Concrete Homes Are Not New
DEAR TIM: I would really like to build a concrete home using cast-in-place forms. I am not talking one of the new insulated-concrete-form (ICF) systems that use foam blocks. I can't find anyone who has built a home using traditional foundation forms. Realtors and sales people at model homes look at me like I am from outer space. Is it not a good idea to build a simple concrete home? Why aren't more of them built here in the USA? Mark W., Bushkill, PA
DEAR MARK: Building a home with concrete is nothing new. In fact, there are all sorts of variations on the theme. As for the first home built entirely of concrete in the USA, I can't tell you when that happened but it was no doubt a long time ago. But I can tell you there is a 50-year old cast-in-place concrete home you would drool over that is just one-half mile from my own home. It is an authentic one-of-a-kind Frank Lloyd Wright home that is on the National Register of Historic Places. This drop dead gorgeous solid concrete home takes my breath away each time I see it. Even its individual windows are cast into the concrete!
First and foremost I think the single largest obstacle to building with concrete in the manner in which you speak - cast-in-place forms - is the overall cost. It can be expensive to build in this manner and the other subcontractors that come after the concrete people leave often have lots of extra work to do.
The cost issues of building a cast-in-place home are significant. It is somewhat labor intensive to attach interior mechanical systems of electric, plumbing and heating and cooling to solid concrete. Drywall can be directly applied to concrete that is very smooth, but not all traditional concrete forms produce smooth finished surfaces.
There are also significant energy issues with respect to solid concrete or masonry structures of any type. Concrete is a conductor of heat, not an insulator. But when you combine concrete with superb insulation, you connect for a home run. This is why the ICF homes are currently gaining popularity; they have all the positives of concrete and all of the super-insulation aspects many of us who live in traditional homes would kill for.
Because of the extra-thick concrete walls, the typical doors and windows you would use almost always require extra wood and labor when they are trimmed out. The stark exterior of the cast-in-place concrete would have to be disguised with stucco or some other wall covering to ensure your home doesn't appear to be a tilt-up concrete warehouse in an industrial park. I don't dislike tilt-up concrete walls, but your neighbors might not be as tolerant as I.
Connecting traditional wood floor joists can be placed in cast-in-place concrete, but it is not as easy as nailing them to the top plate of wood-framed walls. Insulating the exterior walls of your proposed solid-concrete home can be done, but once again it almost always costs more than placing pre-sized fiberglass batts in wood framed wall cavities. The newer blown-in wall insulation products also prefer a wood or steel framing cavity so the thickness of the insulation remains uniform.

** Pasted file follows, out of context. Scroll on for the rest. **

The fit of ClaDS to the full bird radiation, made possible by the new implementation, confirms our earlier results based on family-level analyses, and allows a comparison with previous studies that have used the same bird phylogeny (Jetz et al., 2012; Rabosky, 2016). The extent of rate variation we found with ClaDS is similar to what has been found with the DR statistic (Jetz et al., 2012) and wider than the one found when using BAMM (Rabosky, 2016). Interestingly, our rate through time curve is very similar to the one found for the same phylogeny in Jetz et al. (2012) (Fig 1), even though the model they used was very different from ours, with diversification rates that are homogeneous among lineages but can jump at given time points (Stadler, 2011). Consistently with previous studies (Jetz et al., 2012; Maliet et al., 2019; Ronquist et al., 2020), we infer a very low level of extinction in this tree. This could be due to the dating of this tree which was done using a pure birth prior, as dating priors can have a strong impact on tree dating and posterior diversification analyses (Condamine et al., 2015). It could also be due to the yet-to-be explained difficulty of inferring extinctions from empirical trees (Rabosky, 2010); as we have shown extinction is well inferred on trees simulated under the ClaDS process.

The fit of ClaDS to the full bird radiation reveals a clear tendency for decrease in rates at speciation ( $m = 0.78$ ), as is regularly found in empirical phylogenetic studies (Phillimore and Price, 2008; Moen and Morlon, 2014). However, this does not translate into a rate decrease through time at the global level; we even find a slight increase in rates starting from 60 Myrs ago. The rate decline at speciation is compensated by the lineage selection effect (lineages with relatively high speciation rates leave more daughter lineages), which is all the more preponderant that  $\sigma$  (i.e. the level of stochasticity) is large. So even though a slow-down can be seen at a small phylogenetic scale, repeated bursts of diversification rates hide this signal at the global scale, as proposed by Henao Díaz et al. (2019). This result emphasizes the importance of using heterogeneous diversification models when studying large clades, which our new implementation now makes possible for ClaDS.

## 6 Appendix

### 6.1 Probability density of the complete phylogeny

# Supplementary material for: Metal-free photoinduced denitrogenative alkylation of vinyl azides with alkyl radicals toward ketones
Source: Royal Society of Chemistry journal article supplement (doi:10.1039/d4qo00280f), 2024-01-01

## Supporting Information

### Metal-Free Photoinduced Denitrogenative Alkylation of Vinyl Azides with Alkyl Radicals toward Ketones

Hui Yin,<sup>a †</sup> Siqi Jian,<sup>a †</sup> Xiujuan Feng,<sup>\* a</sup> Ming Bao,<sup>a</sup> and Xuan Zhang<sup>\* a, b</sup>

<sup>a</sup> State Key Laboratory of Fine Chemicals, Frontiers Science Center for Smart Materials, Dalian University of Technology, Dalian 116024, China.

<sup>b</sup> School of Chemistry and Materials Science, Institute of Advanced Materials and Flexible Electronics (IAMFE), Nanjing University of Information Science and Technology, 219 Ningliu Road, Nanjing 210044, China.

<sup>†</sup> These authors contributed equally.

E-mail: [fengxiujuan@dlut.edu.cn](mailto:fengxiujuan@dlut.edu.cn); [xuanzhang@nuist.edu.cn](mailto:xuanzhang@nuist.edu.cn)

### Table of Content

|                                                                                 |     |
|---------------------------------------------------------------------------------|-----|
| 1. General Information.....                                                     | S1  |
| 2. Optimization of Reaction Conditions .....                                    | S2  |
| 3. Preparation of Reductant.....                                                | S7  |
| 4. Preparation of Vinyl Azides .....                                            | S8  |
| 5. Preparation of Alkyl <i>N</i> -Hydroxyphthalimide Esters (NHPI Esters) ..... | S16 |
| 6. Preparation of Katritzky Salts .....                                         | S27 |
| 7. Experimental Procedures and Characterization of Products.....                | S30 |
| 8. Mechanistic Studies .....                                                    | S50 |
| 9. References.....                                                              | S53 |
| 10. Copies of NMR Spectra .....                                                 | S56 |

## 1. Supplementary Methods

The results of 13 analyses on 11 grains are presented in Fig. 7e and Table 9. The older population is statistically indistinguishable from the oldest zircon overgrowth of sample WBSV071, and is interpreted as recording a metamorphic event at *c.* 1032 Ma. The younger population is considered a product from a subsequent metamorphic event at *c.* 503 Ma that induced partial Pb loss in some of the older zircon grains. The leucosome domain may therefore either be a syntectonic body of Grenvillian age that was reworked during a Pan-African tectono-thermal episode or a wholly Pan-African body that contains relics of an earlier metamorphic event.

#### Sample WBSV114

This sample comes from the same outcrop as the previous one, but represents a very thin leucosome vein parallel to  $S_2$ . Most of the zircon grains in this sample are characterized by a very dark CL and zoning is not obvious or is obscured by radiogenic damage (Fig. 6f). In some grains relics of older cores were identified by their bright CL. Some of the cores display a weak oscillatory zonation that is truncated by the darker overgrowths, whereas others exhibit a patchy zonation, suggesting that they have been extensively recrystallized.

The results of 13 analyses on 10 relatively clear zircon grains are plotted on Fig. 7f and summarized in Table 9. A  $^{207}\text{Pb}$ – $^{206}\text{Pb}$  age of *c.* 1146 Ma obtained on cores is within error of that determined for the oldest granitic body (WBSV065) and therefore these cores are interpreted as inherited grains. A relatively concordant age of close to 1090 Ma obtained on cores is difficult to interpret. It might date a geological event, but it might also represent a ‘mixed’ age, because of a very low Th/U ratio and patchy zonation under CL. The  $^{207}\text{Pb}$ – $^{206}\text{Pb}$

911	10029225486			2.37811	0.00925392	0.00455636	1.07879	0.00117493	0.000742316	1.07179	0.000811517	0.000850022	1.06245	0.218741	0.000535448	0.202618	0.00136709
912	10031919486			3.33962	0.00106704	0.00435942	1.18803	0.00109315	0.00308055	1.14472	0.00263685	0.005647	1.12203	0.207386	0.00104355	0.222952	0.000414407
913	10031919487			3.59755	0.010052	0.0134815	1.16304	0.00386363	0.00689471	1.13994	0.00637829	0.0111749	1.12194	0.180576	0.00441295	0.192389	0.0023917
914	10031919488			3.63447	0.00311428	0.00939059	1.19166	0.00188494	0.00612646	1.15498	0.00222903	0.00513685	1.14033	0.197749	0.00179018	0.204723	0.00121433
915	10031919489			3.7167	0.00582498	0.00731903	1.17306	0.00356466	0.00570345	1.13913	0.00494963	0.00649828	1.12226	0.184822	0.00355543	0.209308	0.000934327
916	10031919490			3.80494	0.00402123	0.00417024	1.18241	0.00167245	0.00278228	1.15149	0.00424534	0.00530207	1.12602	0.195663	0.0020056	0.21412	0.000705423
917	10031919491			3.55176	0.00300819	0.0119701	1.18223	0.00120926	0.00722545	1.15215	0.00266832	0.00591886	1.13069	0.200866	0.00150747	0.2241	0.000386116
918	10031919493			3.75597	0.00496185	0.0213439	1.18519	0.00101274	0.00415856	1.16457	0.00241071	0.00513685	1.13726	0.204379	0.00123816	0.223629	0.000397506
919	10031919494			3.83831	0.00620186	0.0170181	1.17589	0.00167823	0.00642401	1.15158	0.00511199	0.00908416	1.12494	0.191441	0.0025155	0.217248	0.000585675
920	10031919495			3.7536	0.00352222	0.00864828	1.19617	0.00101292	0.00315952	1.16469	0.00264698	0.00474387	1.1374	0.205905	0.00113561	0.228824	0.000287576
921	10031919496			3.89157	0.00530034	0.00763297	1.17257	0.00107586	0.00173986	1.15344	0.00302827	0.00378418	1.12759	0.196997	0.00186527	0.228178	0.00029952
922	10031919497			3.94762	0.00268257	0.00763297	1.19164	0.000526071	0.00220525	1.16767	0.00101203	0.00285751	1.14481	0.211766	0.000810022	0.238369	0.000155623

Don't forget that traditional cement-stucco homes are basically concrete homes. Coarse sand mixed with Portland cement makes a layer of concrete that has nearly the same compressive strength as regular concrete. Perhaps you should consider blending the wood-framing building techniques most builders and subcontractors prefer with a concrete outer skin.
It would seem to me this gives you the look you might want on the exterior as well as the superb maintenance-free outside characteristics. You never have to paint the stucco and if you desire it to be a particular color or want different colors, permanent dry pigments can be blended into the wet stucco. The finished look can be stunningly beautiful.
I also urge you to consider other concrete systems. There are all sorts of imaginative ways concrete is being used to build homes. For example, you can have a solid concrete home built using lightweight concrete blocks that contain vast amounts of air. These blocks remind me of ultra-fine volcanic pumice. These same blocks stack together easily and provide a superb surface for stucco and interior drywall.
You may be able to find a regional company that will build precast concrete walls that have integral interior wood framing that will keep the subcontractors happy. These walls are built in a factory and lifted into place with a crane. They bolt together much like you would connect a kitchen cabinet to an adjacent one. Contact one or more of the associations that promote the use of concrete. I'll bet they will help you build the house of your dreams!
The Portland Cement Association and the American Concrete Institute are two great sources of information dealing with concrete and residential uses of the material. When I attend the annual International Builders Show each year, I commonly visit a gorgeous home built with concrete. When you view the exterior and interior of the homes, you would never realize you were in one whose walls are made with solid concrete or a unique concrete hybrid product.
Concrete is an appealing material because it is so durable. When insulated properly, it requires very little energy to heat and cool. The dense exterior walls are, by nature, soundproof. The benefits of a concrete home are many, you just have to find a builder skilled in working with the material and choose a system that makes sound financial sense.